Your child will envy winners and treat losers as if they are beneath them. This can cause labeling behavior, and a lot of harmful actions may be taken by your child when they act out or lash out at those who carry these labels.
· Everyone Is An Enemy
When your child views everyone as a competitor, everyone is an “enemy,” and those who aren’t enemies today could become enemies tomorrow. Your kid will learn to regard others with suspicion, being unwilling to trust anyone, and even treating others with aggression.
· Empathy Is Non-Existent
Children who can only see others as opponents stop seeing others as people. This results in an inability to see things from the perspectives of others. Studies have shown that competition can decrease generosity, compassion, and empathy towards perceived opponents. In other words, your child will unlearn a lot of the lessons in the kindness they have been taught.
· Communication Isn’t Learned
When teamwork is involved, communication is central and crucial. But if a child seeks only to compete and win, they never communicate with the people around them. This lack of social skills will come back to bite them later.
· Friendships Are Jeopardized
It’s not uncommon for kids to meet their friends at sports events and other extracurricular activities. When the pressure to win is involved, though, it isn’t easy to stay friends with those you’re trying to win against. As children compare themselves to their peers, they lose the friendships they built in favor of turning everyone into an enemy.
5. It Ruins Things They Love
A battlefield is not fun. Turning playgrounds into a warzone is a surefire way to make kids begin to dislike the play they once loved. It stops being recreation and starts being work. They have to practice “defeat” others and get good results, so it becomes another form of school.
Taking away passions like this is extremely harmful to children. They can develop problems building new hobbies due to fear that they will be taken away or avoid joining new activities because they don’t want to lose.
For kids who once poured their heart and soul into the activity in question, having it ruined can be gutting. They might suffer mood drops and decreased positive thinking, a lack of motivation, and a tendency to turn to less healthy habits to fill the gap.
Of course, plenty of kids can achieve a balance between keeping their hobbies, just hobbies and going too far into competitive mode. It’s possible for those who can walk that tightrope to continue loving what you do and participate in competitions without adverse effects. But if winning is all that matters, it’s only a matter of time before interest drops away.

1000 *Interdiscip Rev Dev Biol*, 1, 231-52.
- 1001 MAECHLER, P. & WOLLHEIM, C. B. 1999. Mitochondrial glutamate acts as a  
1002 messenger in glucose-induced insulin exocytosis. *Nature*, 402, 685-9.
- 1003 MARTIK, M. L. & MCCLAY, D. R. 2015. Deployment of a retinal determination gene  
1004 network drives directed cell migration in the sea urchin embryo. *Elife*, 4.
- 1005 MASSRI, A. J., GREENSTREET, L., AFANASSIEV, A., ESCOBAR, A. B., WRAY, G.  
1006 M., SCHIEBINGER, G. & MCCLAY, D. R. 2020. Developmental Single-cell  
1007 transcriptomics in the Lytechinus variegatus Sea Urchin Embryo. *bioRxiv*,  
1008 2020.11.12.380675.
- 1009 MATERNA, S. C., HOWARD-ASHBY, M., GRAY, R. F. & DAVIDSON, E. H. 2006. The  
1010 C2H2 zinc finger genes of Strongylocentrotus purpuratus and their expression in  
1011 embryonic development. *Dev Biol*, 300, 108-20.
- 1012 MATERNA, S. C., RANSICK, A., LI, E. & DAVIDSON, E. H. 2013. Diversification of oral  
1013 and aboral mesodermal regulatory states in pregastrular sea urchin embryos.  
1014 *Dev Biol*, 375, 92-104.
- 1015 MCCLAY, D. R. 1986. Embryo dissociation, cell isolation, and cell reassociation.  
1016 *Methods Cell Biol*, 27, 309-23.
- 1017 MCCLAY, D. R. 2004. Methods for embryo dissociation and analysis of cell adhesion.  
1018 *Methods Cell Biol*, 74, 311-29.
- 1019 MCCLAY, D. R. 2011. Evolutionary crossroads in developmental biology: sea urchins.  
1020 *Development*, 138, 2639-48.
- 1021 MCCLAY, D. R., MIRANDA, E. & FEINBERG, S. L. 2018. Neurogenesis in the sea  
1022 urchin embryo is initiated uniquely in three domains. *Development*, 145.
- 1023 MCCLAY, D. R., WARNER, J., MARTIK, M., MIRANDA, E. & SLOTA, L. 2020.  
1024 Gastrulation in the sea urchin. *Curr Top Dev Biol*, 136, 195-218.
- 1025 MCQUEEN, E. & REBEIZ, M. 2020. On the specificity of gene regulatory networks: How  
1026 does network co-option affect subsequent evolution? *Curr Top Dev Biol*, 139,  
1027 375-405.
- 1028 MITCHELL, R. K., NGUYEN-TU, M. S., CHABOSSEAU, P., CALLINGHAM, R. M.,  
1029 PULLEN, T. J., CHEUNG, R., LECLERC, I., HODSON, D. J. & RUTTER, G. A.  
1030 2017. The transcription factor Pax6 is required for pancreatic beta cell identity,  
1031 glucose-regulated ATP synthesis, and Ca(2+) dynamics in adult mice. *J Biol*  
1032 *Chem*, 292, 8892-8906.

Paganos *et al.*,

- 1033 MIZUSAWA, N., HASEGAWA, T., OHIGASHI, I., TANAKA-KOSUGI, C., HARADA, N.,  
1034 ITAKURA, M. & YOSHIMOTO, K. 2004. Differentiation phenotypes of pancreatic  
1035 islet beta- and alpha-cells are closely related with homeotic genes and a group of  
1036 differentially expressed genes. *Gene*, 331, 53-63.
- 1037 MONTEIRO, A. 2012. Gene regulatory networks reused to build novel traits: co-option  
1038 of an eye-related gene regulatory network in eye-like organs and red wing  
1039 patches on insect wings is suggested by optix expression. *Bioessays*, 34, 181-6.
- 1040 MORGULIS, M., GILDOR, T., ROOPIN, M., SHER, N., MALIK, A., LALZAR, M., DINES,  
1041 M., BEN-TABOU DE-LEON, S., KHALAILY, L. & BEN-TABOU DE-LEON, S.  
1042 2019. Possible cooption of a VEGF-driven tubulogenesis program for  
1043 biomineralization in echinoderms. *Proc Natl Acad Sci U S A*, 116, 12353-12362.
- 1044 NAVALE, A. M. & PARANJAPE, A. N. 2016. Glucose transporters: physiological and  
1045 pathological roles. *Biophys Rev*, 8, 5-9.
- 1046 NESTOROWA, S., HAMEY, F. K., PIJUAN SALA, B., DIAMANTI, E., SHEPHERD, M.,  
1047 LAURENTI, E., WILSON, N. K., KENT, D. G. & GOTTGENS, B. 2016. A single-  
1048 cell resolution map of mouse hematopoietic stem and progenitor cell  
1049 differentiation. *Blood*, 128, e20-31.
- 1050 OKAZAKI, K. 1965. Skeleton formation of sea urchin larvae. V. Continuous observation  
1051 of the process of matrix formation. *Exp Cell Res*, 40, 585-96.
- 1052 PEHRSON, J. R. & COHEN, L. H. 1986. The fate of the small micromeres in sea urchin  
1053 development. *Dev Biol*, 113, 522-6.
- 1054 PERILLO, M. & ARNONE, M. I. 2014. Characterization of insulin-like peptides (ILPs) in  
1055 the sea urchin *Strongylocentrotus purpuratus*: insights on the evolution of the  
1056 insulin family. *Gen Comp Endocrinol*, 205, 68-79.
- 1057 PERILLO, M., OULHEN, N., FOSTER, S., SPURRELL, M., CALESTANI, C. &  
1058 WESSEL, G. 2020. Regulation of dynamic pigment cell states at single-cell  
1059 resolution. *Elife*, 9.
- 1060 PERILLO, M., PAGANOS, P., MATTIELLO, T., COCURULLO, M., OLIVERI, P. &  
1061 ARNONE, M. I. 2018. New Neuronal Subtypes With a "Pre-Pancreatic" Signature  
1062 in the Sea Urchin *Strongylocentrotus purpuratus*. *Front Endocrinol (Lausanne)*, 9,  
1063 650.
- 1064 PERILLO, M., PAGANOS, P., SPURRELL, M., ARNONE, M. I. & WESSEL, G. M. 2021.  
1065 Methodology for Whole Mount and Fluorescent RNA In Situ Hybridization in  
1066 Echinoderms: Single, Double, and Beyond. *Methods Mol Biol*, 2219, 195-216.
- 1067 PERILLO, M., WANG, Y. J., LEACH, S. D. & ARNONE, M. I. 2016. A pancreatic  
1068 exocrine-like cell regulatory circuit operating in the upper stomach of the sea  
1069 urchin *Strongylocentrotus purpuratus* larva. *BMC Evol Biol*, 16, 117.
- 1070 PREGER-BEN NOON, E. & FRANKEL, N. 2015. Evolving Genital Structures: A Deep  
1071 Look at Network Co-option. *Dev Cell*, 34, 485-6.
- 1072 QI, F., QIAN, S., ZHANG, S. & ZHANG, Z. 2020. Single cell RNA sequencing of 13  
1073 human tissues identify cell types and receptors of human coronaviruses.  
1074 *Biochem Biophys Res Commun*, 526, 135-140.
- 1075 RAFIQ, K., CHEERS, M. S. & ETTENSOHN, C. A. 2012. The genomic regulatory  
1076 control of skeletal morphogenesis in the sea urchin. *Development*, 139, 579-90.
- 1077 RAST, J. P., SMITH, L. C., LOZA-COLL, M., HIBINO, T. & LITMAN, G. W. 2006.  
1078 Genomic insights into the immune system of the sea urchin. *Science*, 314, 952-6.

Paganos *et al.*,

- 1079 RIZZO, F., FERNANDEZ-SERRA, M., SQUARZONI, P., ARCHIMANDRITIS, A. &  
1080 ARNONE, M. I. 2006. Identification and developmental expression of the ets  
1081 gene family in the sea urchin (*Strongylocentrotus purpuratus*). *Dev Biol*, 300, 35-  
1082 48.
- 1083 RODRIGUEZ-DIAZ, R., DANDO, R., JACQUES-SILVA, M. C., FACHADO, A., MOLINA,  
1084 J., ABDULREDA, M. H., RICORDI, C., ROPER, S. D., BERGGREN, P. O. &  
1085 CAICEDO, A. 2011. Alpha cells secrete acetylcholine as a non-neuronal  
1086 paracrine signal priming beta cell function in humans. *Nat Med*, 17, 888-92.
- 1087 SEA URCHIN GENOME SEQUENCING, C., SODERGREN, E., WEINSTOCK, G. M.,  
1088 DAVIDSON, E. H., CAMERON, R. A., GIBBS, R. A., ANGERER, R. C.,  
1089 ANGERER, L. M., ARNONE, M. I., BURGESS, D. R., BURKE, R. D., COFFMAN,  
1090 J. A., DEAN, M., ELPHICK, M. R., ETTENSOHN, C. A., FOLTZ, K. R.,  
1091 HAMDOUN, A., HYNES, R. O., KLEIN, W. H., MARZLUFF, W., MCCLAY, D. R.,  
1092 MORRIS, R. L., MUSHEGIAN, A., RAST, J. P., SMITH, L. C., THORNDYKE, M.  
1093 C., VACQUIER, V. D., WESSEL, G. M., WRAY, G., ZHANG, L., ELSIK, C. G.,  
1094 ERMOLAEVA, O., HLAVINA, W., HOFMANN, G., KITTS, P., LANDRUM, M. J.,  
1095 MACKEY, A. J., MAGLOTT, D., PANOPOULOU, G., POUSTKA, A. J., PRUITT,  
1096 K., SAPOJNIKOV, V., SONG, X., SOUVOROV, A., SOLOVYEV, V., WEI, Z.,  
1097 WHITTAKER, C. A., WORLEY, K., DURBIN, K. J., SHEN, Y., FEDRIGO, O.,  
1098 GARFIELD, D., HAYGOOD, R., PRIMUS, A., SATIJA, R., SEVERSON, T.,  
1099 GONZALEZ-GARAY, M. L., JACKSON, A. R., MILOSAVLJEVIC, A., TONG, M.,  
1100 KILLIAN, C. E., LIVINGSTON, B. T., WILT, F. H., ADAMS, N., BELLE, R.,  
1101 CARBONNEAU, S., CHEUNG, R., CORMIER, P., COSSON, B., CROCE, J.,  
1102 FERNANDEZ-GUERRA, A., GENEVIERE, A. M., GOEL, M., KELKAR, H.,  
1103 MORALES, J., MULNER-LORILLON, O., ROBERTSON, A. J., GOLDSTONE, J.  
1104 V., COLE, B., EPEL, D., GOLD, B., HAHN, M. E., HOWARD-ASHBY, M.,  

6. It Causes Childhood To Speed By
Children who are forced to try and outdo everyone else often waste away their childhoods. Being young is supposed to be about discovery, exploration, and learning new things. It’s a time to make mistakes, experiment, and take time before settling on things you really want to focus on in the future.
Kids who are forced to excel in multiple areas of their life may end up rushing through their young years, spending all their time practicing or doing work to achieve the goals their parents set for them. It’s unfair for children to be subjected to that kind of pressure, and it robs them of formative experiences.
Interests and passions are things that should be discovered and honed, not thrust upon someone. This is especially true for kids, who would benefit most from experiencing childhood naturally for a more well-adjusted future with positive thinking.
The world can often be very encouraging of competitive behaviors. People are always trying to get on top and stand out from the crowd. While this has its positive sides, it also has ugly facets that kids shouldn’t replicate. As the parent to your child, it is your responsibility to ensure that your kids can avoid that behavior’s most toxic parts.
Competition in itself isn’t a bad thing. It’s actually healthy for a child to participate in a moderate amount of competition. The important things are the values behind that competition. A child whose entire goal is winning and winning alone has values that don’t play well with productive competition.
Instead of teaching your children always to compete and win, teach them how to cooperate. Yes, you can – and should – teach them about the concept of competition. But you should also teach them that their personal best is all that matters. Don’t pit siblings against each other, don’t compare your child to their peers, and don’t provide completely conditional acceptance dependent on their performance.
There aren’t really any easy answers to staying on the thin line between healthy competition and toxic competitiveness. As a parent, you know your child best, and you know how best to teach these lessons to your children. At the end of the day, as long as your kids are happy, you’re doing something right.